Fluted, Ribbed, & Reeded Glass: All About This Decorative Texture

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Images via Lion Iron Doors & Quincoses Drago

You know when you see a picture of something, and can’t stop thinking about it, and then start noticing it everywhere? Lately, for me, it’s been reeded and fluted glass! It’s so gorgeous, don’t you think?

These textured glasses add depth and interest to any space and offer a unique alternative to traditional clear glass. In this blog post, we’ll explore what fluted and reeded glass is, its history, and a few of my favorite pieces! Oh, and maybe a couple of ideas for some DIYs, too. Ready to dive in?

What is Fluted & Reeded Glass?

Fluted and reeded glass are two types of textured glass that have decorative ridges or grooves on their surface.

What’s The Difference Between Fluted & Reeded Glass?

Reeding or a reeded texture refers to a series of parallel, narrow, convex grooves or lines. Fluting or a fluted texture refers to a series of parallel, concave grooves or channels.

Images via Glas Italia & Nickolas Gurtler and Dion Robeson

The History of Fluted Glass

Fluted glass has a rich history that can be traced back to ancient times. The earliest known examples of fluted glass were found in excavations of Roman and Egyptian ruins, dating back to the first century AD. These glasses were made by blowing molten glass into a mold that had parallel ridges or flutes, resulting in a textured surface. In the early 20th century, fluted glass found its way into modern architecture, particularly in the Art Deco movement. It was often used as a decorative element in windows, doors, and walls, adding a unique texture and style to the building’s design. You can still see this today in old buildings such as libraries, offices, government agencies, and more.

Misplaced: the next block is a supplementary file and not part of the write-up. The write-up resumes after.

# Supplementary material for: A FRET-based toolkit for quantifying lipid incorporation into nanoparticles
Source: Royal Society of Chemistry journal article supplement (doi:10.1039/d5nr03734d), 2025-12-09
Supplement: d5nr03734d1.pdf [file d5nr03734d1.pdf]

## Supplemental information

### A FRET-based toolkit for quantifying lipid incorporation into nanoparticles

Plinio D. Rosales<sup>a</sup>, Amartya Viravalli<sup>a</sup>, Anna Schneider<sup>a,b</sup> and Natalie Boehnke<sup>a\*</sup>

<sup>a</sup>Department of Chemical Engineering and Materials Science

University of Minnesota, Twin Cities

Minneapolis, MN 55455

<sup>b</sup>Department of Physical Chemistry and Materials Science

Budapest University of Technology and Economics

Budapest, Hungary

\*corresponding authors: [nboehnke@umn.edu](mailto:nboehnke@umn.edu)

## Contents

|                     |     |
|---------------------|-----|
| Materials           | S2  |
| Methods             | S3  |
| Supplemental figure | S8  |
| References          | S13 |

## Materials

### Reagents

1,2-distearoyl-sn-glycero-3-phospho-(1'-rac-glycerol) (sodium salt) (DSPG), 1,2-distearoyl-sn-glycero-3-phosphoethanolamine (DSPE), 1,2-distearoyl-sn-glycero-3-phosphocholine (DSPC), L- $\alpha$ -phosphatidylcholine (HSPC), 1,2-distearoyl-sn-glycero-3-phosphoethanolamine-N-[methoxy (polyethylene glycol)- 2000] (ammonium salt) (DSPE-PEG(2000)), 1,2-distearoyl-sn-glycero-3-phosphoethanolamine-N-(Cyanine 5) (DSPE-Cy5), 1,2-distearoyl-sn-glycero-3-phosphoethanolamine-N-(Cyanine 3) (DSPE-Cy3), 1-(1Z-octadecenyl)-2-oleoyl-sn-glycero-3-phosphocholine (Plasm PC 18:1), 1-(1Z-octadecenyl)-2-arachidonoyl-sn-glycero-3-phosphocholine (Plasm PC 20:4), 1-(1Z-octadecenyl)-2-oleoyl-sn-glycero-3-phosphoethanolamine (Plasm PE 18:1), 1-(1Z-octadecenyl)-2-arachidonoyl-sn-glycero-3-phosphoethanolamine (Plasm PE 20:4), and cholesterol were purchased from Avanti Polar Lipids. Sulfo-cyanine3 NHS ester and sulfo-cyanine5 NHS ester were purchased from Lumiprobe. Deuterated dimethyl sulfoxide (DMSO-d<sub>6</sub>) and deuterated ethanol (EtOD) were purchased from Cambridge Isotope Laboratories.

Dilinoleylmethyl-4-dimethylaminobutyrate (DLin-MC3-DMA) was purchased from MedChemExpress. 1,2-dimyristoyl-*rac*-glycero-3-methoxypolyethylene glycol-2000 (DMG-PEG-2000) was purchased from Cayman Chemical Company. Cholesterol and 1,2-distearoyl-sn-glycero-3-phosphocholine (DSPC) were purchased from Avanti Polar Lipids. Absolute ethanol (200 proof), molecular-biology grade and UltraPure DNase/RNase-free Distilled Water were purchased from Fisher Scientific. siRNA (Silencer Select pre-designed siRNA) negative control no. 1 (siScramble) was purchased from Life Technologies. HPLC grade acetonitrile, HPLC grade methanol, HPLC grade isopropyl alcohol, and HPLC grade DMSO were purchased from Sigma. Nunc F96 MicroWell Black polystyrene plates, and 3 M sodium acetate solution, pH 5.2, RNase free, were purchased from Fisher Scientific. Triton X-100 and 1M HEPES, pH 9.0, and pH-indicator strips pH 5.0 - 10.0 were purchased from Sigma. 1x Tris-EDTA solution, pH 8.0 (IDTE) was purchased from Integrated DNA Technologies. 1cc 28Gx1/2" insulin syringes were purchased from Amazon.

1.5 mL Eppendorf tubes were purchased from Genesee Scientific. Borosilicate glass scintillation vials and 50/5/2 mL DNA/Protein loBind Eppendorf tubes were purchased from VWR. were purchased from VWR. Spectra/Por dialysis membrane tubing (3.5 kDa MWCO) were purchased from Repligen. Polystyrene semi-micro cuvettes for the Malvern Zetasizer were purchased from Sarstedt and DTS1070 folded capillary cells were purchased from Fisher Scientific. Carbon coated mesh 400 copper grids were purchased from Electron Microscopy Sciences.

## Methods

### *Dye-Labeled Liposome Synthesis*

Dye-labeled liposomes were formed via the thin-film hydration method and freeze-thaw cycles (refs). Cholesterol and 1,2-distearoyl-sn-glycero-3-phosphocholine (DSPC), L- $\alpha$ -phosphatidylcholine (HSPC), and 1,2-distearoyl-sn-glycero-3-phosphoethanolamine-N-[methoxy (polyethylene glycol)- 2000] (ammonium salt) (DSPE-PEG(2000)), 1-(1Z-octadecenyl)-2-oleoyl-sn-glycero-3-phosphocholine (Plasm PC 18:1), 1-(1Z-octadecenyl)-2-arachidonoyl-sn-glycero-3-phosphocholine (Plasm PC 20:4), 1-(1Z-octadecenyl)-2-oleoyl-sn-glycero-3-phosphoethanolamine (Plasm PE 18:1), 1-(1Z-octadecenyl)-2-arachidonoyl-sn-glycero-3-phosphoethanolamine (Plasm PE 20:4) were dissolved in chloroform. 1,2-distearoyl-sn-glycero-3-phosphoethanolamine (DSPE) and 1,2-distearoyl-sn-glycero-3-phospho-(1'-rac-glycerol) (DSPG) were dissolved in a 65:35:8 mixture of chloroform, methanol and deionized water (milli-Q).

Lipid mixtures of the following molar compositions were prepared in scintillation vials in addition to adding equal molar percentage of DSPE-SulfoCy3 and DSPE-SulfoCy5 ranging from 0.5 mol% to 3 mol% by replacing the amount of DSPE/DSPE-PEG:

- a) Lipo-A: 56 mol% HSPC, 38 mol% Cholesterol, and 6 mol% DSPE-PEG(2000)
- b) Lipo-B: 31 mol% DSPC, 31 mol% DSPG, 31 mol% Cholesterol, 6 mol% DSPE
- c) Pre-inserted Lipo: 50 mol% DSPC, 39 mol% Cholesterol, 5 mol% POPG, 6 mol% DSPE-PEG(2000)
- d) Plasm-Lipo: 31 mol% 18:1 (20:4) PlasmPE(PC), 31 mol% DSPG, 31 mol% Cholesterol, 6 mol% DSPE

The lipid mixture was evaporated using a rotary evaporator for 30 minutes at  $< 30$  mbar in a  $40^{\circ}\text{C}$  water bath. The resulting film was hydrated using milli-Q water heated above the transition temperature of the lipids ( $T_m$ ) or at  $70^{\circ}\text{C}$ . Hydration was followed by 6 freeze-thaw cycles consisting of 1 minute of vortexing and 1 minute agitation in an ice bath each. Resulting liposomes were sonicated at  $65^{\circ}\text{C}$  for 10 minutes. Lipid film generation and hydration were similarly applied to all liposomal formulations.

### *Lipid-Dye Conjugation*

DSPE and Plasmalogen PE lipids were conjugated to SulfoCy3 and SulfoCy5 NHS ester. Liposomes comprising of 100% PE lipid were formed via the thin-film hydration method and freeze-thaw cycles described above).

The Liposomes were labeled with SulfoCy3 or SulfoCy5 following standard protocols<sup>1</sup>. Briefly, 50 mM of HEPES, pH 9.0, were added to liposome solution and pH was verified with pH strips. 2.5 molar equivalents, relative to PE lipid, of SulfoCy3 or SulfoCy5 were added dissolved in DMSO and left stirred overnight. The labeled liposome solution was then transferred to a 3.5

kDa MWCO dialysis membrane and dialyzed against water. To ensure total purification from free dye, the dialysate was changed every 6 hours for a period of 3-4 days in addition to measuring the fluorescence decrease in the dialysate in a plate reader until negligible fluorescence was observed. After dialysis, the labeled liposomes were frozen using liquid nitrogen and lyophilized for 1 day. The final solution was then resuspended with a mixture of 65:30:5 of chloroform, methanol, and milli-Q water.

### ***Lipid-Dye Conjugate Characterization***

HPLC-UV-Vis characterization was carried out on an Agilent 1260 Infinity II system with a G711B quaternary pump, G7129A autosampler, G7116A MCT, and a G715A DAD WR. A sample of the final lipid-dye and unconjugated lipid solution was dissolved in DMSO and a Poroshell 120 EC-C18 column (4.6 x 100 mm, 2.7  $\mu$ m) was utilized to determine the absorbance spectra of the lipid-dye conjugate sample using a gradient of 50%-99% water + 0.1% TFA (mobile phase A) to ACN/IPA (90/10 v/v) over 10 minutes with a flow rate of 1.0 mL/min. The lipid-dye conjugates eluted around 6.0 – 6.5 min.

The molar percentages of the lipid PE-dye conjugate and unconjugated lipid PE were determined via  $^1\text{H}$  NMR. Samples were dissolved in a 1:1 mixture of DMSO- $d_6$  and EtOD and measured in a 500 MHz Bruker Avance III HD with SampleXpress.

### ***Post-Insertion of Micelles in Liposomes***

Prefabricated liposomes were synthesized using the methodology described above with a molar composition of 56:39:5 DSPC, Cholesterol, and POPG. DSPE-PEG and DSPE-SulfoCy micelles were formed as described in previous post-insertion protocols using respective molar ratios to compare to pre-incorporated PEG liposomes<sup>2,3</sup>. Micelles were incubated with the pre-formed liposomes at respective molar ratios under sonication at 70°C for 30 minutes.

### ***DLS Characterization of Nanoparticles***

Get the look: Fluted Glass In Your Home

Getting this look in your home isn’t as intimidating as you might think because there are so many ways to go about it! You can either go big and make a statement or use it in a more subtle way with small accessories. Similar to frosted glass, the texture provides privacy while still letting light in, which makes it perfect for showers and doors of all types, whether in an office environment or at home.

Thinking smaller and more realistic, you can also get this look with small, everyday essentials like drinking glasses, carafes, flower vases, and even lighting fixtures! Here are a few of my favorite fluted glass accessories:

Shop Ribbed, Rippled, and Fluted Glass Home Accessories


Rasori Mini Glasses via 1st Dibs | Ripple Carafe via Ferm Living | Fluted Glass Pendant Light via Tudo & Co.

Dearborn Carafe via Fferone | Champagne Flute via Richard Brendon | Ribbed Glass Wastebasket via CB2

Striae Ribbed Glass Flush Mount Light via CB2 | Big Vase via MoMA Design Store | May Ribbed Glasses via 1st Dibs

So what do you think about this fluted glass? Are you a fan, or does it feel a little too vintage for your taste? Personally, I can’t wait to see more of this ribbed texture in both interior design and product design! Let me know your thoughts in the comments below!

Until next time,


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